Although they both dispense water in exactly the same way once installed, a wall-mount faucet is very different from a deck-mount one. The installation of a wall-mount faucet requires more planning and more careful measurements, and it involves installing water supply lines behind the wall. Unless your DIY know-how and plumbing skills are better than average and you're confident you can make leak-free connections that will be sealed behind a wall covering, you should think twice about doing this yourself.
Video of the Day
On the other hand, the job is akin to installing a shower valve, and it's even a bit easier, so if you're comfortable with rough-in plumbing, you're good to tear open the wall or backsplash, assemble your tools and supplies and start making measurements. Some of the tasks the job could involve include:
- Installing new shutoff valves
- Modifying the framing
- Soldering pipe connections
Depending on the type of faucet you have and if you have a wall or backsplash made of tile, stone or some other difficult-to-remove material, it might be easier to go into an adjacent room and install the plumbing from the other side of the wall.
Considerations for Design
It's important to place the faucet at the correct height above the sink. If it's too high, water will splash, and if it's too low, you won't have any working room. The minimum distance from the spout to the flood rim of the sink allowed by code is 1 inch, but there's no maximum. Moen recommends 3 inches as the ideal height for a bathroom faucet, but a kitchen sink is deeper than a bathroom one, so you'll want to set your kitchen faucet higher to provide enough space for getting underneath the faucet with large pots and pans.
When installing a wall-mount bathroom faucet, be sure you choose one with a spout long enough to clear the back of the sink. A wall-mount kitchen faucet usually has a long spout but not a bathroom one, and you could have problems with a short spout, especially when used in conjunction with a wall-mount or vessel sink.
Things You'll Need
2 1/2-inch wood screws
1/2-inch copper or PEX water pipe
Two shutoff valves
Two 1/2-inch threaded elbows
1 1/4-inch screws
1/2-inch brass pipe nipples
How to Install a Wall-Mount Faucet
Step 1: Consult the Installation Instructions
Read the installation instructions that come with your faucet. They include specifications that apply to your specific faucet model, and you need to follow them carefully. In particular, pay attention to the blocking requirements, including the setback if you're installing an in-wall valve with removable faucet handles and a removable spout.
Step 2: Modify the Framing and Add Blocking
Identify the approximate placement of the center of the faucet and move any studs that are in the way. You don't always have to do this because some faucets, such as bridge-style ones, can reach over intervening studs, but if the valve is hidden in the wall, the studs will get in the way.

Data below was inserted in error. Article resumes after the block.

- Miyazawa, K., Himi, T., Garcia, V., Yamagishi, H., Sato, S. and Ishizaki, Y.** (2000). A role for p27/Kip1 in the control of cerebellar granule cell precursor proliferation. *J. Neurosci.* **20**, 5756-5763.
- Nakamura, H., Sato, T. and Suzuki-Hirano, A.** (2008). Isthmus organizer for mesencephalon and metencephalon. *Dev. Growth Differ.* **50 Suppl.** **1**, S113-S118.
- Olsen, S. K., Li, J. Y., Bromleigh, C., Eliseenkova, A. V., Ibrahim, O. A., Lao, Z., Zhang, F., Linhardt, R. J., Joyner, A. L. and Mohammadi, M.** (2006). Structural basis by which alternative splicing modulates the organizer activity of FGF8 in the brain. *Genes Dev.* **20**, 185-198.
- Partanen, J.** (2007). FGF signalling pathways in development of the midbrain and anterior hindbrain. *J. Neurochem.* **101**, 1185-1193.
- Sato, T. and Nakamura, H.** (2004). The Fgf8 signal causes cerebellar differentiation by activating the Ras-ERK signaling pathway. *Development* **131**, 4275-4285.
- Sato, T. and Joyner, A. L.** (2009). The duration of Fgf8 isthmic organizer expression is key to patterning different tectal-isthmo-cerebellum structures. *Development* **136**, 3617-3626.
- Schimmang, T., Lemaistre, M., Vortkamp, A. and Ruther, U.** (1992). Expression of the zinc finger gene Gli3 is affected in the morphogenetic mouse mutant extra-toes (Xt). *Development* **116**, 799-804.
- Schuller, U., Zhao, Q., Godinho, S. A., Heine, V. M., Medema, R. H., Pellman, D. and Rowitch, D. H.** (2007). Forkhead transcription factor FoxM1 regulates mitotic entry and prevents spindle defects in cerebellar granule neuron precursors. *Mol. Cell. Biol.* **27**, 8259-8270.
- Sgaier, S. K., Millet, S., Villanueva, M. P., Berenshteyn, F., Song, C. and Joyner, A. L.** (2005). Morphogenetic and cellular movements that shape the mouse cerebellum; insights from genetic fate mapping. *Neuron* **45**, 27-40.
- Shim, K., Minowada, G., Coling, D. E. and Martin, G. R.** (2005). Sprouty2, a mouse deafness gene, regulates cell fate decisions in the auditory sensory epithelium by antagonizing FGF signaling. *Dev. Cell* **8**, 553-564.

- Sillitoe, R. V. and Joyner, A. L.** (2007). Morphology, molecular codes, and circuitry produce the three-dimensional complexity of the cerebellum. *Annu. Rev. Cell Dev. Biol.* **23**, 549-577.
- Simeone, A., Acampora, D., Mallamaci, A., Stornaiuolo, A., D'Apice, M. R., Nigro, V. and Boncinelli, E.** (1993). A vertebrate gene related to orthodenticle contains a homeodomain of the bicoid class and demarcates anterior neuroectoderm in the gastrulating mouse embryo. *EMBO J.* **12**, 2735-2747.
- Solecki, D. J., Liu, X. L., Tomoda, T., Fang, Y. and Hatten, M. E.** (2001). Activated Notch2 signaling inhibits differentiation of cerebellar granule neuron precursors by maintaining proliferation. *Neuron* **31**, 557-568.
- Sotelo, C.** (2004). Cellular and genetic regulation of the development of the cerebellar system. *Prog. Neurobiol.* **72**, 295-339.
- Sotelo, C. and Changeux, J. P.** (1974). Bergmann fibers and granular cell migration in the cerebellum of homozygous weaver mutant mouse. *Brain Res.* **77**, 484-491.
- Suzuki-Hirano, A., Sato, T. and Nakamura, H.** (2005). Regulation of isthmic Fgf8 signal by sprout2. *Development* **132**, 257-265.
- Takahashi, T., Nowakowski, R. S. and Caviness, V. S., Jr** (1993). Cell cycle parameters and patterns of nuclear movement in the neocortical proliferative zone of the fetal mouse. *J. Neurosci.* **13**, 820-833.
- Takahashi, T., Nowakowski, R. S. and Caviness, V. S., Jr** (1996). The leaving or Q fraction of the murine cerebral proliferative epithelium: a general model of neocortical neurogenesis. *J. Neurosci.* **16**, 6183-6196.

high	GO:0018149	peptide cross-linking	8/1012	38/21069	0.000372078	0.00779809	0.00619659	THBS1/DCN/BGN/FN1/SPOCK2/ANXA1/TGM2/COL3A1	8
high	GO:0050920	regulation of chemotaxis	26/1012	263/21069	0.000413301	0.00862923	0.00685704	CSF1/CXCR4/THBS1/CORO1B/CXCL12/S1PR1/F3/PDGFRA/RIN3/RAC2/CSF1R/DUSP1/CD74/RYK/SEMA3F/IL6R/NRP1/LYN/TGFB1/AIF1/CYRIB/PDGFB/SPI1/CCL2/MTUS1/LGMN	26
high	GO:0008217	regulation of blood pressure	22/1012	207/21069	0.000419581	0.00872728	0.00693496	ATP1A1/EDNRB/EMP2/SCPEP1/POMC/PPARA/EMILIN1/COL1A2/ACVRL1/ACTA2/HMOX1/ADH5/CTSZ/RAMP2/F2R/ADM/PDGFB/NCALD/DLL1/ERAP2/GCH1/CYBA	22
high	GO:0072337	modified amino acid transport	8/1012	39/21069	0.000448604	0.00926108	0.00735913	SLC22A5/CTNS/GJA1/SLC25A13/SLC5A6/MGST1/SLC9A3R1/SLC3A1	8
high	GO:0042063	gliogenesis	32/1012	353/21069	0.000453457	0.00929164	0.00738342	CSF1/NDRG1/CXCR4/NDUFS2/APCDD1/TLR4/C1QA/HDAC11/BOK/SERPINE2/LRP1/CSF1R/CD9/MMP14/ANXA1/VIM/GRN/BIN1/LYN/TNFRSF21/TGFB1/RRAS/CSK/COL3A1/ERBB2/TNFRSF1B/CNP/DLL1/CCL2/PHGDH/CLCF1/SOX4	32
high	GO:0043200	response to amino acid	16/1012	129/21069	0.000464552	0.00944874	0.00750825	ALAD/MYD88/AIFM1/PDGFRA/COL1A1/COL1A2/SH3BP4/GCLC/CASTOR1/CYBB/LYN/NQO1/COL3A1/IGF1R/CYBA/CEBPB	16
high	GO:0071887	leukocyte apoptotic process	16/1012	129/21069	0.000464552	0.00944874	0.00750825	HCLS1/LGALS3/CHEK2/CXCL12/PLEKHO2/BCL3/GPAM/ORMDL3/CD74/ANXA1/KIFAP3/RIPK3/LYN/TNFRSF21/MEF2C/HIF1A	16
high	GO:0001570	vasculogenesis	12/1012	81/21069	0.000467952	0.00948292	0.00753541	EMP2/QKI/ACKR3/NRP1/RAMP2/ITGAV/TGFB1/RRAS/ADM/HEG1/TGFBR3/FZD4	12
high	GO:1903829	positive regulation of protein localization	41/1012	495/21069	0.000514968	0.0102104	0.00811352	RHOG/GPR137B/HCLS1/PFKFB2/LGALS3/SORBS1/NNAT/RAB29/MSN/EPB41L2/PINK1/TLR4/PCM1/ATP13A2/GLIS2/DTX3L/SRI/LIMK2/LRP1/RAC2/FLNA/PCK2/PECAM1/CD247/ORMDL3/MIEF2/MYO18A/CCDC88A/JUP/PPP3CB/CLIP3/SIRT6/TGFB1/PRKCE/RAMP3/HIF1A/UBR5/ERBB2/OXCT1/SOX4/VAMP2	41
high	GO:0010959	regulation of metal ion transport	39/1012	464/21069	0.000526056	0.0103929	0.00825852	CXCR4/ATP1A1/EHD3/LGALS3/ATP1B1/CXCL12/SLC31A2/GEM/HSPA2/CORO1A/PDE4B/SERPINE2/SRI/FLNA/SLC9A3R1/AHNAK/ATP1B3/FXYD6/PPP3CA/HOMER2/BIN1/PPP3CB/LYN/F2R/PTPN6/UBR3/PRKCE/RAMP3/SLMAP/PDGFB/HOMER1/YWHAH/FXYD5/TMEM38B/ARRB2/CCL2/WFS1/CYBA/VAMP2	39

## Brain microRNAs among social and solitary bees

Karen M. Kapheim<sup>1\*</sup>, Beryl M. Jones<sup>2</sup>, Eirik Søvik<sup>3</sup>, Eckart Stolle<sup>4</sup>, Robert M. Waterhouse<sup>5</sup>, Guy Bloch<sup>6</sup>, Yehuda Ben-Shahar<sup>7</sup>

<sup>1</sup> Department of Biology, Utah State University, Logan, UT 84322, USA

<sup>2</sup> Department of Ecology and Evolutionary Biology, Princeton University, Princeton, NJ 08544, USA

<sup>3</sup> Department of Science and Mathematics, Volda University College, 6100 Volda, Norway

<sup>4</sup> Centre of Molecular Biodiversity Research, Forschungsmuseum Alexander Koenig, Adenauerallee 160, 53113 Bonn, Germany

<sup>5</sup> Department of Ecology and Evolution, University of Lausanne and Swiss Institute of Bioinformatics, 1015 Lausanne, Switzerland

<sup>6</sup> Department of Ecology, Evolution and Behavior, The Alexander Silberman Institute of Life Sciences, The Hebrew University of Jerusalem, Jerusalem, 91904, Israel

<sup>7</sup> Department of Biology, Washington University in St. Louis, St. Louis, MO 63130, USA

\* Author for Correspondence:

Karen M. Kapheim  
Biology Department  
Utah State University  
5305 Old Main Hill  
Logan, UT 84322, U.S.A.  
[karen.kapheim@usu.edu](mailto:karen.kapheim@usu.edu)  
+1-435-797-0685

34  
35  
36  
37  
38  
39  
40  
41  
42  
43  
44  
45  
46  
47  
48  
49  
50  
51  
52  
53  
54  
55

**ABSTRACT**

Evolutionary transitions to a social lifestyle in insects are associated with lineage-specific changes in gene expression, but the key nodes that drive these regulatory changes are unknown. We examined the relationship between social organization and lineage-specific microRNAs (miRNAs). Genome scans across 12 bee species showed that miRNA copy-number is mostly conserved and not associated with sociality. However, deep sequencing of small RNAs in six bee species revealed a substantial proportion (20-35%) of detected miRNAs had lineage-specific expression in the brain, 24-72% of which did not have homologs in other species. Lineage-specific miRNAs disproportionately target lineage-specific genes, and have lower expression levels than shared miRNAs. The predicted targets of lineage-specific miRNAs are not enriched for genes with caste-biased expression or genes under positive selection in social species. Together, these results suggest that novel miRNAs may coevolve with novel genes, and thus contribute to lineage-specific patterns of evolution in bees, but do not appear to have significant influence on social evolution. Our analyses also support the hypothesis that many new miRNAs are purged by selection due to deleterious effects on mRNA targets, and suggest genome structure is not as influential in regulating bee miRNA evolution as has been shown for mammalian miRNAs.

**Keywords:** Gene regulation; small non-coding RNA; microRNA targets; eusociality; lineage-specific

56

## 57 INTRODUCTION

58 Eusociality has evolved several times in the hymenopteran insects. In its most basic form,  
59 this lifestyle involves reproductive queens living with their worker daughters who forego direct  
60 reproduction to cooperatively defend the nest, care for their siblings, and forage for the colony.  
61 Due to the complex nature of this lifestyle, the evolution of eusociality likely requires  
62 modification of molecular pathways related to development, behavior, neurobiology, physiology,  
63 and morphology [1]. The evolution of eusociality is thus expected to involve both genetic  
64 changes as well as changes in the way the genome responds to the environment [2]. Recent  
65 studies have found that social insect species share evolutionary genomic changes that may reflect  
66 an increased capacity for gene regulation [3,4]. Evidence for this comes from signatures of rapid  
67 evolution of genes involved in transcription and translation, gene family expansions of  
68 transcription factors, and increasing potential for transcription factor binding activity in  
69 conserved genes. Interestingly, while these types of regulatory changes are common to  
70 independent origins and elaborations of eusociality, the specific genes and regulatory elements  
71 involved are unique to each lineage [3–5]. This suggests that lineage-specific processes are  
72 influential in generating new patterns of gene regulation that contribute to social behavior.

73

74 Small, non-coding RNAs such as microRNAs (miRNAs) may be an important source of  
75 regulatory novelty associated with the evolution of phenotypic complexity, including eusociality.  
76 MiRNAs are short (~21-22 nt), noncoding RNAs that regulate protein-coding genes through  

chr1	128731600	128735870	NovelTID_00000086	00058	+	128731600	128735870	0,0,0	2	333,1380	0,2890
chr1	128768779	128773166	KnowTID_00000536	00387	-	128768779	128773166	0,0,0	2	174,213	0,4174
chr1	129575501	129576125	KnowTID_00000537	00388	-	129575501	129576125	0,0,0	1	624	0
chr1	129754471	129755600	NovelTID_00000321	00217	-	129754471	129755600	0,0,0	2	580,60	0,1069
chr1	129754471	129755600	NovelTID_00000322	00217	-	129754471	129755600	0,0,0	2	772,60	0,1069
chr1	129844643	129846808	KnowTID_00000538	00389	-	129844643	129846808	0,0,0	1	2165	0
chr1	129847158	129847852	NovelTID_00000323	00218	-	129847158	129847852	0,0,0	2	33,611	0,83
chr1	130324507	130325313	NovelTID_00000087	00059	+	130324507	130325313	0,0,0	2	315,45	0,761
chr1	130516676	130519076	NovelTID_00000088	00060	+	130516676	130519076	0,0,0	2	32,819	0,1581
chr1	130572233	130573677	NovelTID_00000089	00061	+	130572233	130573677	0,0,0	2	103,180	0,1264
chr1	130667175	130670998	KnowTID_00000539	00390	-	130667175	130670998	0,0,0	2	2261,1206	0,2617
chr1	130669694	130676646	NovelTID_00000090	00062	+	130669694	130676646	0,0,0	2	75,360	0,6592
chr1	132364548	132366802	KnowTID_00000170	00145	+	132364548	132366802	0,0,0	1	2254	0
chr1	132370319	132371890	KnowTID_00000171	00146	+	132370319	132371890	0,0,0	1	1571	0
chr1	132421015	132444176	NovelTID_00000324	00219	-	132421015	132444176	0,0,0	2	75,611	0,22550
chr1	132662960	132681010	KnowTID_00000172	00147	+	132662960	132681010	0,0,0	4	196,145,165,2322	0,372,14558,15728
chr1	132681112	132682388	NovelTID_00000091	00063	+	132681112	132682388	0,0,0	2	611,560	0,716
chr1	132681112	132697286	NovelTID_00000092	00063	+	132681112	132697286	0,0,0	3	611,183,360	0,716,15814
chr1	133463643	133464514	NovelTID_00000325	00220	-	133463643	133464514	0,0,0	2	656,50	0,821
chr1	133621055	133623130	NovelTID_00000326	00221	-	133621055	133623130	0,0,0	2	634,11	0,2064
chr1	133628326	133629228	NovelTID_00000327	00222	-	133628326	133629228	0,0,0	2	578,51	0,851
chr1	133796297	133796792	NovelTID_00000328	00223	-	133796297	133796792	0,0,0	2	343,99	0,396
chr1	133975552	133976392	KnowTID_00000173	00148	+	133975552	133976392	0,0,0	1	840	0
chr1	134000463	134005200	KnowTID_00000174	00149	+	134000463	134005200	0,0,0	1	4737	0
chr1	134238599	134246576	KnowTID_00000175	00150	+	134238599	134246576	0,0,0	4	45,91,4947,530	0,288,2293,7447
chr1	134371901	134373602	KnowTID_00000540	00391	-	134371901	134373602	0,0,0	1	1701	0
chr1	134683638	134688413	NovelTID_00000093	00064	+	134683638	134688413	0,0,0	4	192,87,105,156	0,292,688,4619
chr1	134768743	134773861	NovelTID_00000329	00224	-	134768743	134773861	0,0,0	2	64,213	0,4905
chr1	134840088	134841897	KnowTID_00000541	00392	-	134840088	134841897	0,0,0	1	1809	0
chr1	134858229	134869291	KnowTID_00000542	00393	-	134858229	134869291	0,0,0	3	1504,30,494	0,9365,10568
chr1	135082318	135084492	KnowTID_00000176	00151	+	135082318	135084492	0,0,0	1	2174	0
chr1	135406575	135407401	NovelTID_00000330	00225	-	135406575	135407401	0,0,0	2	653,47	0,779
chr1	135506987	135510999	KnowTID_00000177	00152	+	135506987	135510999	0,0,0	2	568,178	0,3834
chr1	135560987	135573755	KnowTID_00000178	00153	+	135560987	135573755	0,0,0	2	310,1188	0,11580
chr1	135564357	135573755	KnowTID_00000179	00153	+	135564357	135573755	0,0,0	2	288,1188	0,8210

Install blocking, which is typically 2x4 lumber set between a pair of studs with its wide edge facing out. Screw the blocking to the studs with 2 1/2-inch wood screws.
Step 3: Run the Water Supply Lines and Install Shutoff Valves
Install 1/2-inch water supply lines. A plumber typically uses copper pipes, but you may prefer PEX, which is easier to install and less likely to leak if the pipes freeze in the wall. Don't forget to install shutoff valves for the hot and cold water.
If you're replacing a sink-mount faucet with a wall-mount faucet, you should be able to extend the existing water lines up the wall and use the existing shutoff valves. If it's a brand-new faucet and you can't hide the shutoff valves in a cabinet, find a place in the room or an adjacent one where you can hide them behind a removable panel. You can also locate them in another part of the house such as the basement or crawl space depending on where the pipes go.
Step 4: Terminate the Pipes or Install the Valve
The termination depends on the type of faucet you have and the type of pipes. To install a standard double-handle bridge-style faucet onto copper pipes, solder a copper or brass elbow to each pipe with a 1/2-inch IPS threaded inlet facing out and screw the fitting onto the blocking with 1 1/4-inch screws. If you're using PEX pipes, use an appropriate PEX fitting instead.
If the faucet has a hidden valve, install it according to the manufacturer's instructions, soldering copper pipes to the valve or using appropriate PEX fittings as needed. Be sure to level the valve before you tighten the screws holding it to the blocking.
Step 5: Install Pipe Nipples
For a faucet that doesn't have an in-wall valve, screw a 1/2-inch brass nipple into each of the elbows you prepared. Make sure the nipples are long enough to reach beyond the wall for the distance recommended by the manufacturer. Cover the nipple openings with duct tape to keep out debris while you replace the drywall or other wall covering.
If you're installing a faucet with an in-wall valve, it should have stub-outs that will extend through the wall covering, so you don't need to add nipples. The stub-outs should have protective covers to keep out debris during the installation.
Step 6: Finish the Wall and Install the Faucet or Faucet Trim
Finish the wall completely, including doing all the drywall and painting or the tiling and grout sealing along with other necessary details. Install the faucet or faucet trim according to the manufacturer's instructions. If you're installing a stainless steel, solid brass or other type of utility faucet, use the compression nuts that come with it and tighten them with locking pliers. If your faucet has a hidden valve, you usually screw the trim onto the valve stub-outs and tighten a set screw to secure them using a screwdriver or Allen wrench.